If you like this tool
This is a minimalistic utility to fully automate backups for systems using the
outstanding ZFS filesystem.
It relies on Snapshots to provide:
- local backups – they help you recover files from earlier in time.
- remote backups – they help you recover whole datasets for system failures.
ZFS snapshots are extremely lightweight on the system (actually cheaper to take
snapshot than not!) and cheap on storage (only changed blocks are saved) and
allow you to restore files from past versions.
You run these tools from cron to periodically
- take ZFS snapshots (
- serialize and export them remotely (
The tools take care of limiting the number of snapshots, so you do not
have to periodically prune old snapshots.
Snapshots can be named so you can create groups of them, e.g. "hourly snapshots",
"newdeplo snapshots" and "exported snapshots".
An additional tool takes care of exporting such snapshots, and uploading them
to a remote server.
- place all
*.shfiles of the package into directory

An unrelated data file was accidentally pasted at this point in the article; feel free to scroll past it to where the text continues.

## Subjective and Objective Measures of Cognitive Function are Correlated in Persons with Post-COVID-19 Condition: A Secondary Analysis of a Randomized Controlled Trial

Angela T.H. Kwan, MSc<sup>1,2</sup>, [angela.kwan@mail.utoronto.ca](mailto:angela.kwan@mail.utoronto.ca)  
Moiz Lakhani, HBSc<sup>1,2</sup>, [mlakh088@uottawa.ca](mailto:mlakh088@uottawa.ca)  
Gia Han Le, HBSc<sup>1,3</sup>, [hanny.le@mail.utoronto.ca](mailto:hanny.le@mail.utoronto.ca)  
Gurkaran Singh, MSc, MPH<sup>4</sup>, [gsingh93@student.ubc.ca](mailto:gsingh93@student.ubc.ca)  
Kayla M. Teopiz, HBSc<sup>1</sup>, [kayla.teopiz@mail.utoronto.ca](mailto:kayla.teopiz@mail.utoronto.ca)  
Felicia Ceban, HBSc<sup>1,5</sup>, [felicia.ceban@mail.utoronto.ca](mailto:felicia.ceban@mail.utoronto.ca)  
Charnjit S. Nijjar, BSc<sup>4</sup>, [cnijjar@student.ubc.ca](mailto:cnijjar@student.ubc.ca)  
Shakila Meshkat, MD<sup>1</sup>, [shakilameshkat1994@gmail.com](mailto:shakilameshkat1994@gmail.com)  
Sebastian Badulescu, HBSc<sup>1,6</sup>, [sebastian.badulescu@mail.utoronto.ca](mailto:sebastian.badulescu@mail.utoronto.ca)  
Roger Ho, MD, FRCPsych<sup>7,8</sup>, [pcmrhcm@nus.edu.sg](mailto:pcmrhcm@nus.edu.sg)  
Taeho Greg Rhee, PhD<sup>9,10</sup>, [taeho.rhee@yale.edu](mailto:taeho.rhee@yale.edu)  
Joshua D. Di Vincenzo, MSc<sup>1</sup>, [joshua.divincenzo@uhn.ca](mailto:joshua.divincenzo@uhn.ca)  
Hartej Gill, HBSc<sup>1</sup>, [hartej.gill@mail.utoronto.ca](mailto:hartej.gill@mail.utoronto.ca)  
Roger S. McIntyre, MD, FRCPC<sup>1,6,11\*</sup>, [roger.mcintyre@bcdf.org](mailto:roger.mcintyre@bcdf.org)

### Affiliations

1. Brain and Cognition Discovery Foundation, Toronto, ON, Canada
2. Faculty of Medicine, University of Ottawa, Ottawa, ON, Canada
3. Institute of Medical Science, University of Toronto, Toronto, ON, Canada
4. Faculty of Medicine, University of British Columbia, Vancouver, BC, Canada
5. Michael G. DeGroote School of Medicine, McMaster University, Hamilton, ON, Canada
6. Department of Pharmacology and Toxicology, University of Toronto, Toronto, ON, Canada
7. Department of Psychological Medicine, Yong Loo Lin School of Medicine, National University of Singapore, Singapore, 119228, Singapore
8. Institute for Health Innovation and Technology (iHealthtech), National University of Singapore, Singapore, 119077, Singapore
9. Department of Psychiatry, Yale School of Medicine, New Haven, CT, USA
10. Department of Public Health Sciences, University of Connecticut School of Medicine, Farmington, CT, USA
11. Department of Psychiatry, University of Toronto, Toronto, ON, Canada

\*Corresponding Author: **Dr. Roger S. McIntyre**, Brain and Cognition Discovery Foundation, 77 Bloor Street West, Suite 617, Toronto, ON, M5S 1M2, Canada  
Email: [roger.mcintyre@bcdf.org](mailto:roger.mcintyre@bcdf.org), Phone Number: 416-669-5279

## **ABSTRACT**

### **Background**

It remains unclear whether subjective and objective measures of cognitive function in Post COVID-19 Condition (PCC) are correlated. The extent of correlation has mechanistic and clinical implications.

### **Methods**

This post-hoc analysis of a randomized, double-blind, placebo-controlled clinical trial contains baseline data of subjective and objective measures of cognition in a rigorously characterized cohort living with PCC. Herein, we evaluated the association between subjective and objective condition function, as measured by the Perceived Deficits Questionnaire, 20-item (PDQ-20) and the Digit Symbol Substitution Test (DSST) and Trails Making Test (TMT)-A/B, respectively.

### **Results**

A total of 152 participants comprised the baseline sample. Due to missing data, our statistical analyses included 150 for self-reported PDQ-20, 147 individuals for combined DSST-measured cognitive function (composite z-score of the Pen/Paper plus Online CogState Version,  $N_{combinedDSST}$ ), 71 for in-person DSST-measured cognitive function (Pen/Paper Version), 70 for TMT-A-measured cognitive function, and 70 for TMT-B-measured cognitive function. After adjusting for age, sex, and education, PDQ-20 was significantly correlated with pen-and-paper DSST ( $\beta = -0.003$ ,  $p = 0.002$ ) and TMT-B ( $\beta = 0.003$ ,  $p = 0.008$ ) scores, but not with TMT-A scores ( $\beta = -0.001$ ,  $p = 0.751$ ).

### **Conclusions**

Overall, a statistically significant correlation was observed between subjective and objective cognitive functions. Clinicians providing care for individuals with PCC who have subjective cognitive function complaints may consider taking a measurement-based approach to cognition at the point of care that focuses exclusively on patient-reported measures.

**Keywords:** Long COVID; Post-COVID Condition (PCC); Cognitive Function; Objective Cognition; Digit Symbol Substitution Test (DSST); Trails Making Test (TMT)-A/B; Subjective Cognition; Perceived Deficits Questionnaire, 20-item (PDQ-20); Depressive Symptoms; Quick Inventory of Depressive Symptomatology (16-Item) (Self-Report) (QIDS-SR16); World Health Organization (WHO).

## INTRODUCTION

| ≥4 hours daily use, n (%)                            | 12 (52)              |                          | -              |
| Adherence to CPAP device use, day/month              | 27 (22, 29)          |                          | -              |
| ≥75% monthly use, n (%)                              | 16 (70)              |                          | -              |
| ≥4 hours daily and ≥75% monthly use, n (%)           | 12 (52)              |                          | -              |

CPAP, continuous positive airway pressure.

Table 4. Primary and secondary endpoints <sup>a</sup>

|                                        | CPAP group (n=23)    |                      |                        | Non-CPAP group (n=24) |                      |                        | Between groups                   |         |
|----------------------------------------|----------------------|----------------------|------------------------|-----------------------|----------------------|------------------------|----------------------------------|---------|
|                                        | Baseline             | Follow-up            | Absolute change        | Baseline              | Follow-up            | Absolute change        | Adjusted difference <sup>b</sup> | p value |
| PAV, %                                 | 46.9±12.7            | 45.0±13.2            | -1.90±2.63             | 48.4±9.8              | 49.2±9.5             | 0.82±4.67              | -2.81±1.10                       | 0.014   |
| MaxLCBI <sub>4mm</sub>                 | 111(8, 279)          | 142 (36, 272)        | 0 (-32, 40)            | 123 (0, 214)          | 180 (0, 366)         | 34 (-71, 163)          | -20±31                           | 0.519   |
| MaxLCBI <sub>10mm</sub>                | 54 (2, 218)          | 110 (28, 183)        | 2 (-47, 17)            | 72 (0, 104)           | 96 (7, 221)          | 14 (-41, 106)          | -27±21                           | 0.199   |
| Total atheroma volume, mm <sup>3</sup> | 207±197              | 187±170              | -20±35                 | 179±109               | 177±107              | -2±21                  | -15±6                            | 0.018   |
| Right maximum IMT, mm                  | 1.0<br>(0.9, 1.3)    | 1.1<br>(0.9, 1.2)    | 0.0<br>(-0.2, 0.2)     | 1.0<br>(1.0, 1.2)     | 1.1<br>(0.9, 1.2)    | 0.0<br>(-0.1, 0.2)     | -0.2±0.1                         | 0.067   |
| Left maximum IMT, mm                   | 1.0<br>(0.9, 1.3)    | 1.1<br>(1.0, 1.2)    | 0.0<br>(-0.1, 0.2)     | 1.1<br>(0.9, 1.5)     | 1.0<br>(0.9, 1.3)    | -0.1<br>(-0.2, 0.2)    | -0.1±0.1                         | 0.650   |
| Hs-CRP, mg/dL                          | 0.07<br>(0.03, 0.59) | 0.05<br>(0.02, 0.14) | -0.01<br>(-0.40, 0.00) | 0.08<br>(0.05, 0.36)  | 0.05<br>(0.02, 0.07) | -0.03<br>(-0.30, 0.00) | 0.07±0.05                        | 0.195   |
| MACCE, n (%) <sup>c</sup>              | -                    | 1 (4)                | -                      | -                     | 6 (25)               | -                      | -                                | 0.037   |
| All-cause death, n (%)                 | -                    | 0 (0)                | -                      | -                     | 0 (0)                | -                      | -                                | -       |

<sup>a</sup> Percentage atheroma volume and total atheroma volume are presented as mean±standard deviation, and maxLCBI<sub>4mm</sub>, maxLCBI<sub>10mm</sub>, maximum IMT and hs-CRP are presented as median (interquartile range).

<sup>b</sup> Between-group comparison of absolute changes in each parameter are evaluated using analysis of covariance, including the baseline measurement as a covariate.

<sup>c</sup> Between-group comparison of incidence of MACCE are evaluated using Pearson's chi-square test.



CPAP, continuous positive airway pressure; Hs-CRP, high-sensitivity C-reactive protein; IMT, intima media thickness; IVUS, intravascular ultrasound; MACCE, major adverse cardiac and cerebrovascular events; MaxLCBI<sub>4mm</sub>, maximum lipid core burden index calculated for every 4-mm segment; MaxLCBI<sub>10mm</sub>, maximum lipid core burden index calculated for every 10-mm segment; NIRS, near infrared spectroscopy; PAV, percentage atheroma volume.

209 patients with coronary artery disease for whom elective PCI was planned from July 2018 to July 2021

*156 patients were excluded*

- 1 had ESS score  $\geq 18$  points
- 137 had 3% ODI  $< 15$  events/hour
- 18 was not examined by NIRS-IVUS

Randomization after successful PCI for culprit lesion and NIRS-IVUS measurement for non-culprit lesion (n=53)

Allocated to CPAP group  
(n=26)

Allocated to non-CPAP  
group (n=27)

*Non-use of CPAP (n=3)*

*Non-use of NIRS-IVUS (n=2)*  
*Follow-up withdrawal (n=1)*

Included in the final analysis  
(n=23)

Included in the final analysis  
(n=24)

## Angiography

(if you'll use remote backups) create a dataset to store backups:
zfs create zroot/backups # replace 'zroot' with your pool name
Done! Is your ZFS pool name other than zroot? Then set the ZPOOL environment
variable to your zpool name when calling these scripts. See below for more.
Need to control multiple ZFS pools? See section "Managing multiple ZFS Pools" below.
zfssnap.sh for taking snapshots, typically from cron:
vim /etc/crontab ... # take hourly snapshot, keep 24 of them @hourly root /usr/local/sbin/zfssnap.sh hour 24
This will create, every hour, a new ZFS snapshot tagged 'hour':
# ls /.zfs/snapshot/ zbk-hour-20140318-140000 zbk-hour-20140318-150000 zbk-hour-20140318-160000
Only 24 of these snapshots will be kept (see Rotation below). The name of each
snapshot comes with format
zbk-[tag]-[date]-[time]. Date is
Each snapshot is tagged:
# create a snapshot tagged 'foobar'. Maintain 10 at all times zfssnap.sh foobar 10
Snapshots with the same tag make a snapshot group. For example, the
foobar group will count up to 10 members at all times.
Multiple groups can exist, just take snapshots with different tags:
# take 2 'hourly' snaps zfssnap.sh hourly 10 zfssnap.sh hourly 10 # take 3 'daily' snaps zfssnap.sh daily 10 zfssnap.sh daily 10 zfssnap.sh daily 10 # ls /.zfs/snapshot zfs-hourly-20140318-140001 zfs-hourly-20140318-140003 zfs-daily-20140318-140111 zfs-daily-20140318-140112 zfs-daily-20140318-140114
zfssnap.sh nor ZFS put a limit on the number of snaps you can
maintain. The tool was tested with over 200. Bear in mind that it's shell
scripts, so inherent limitations of arguments length could get in your way.
I recommend staying under 50 snaps per group and 200 snaps total.
zfssnap.sh takes a new snapshot every time it's run. When the number of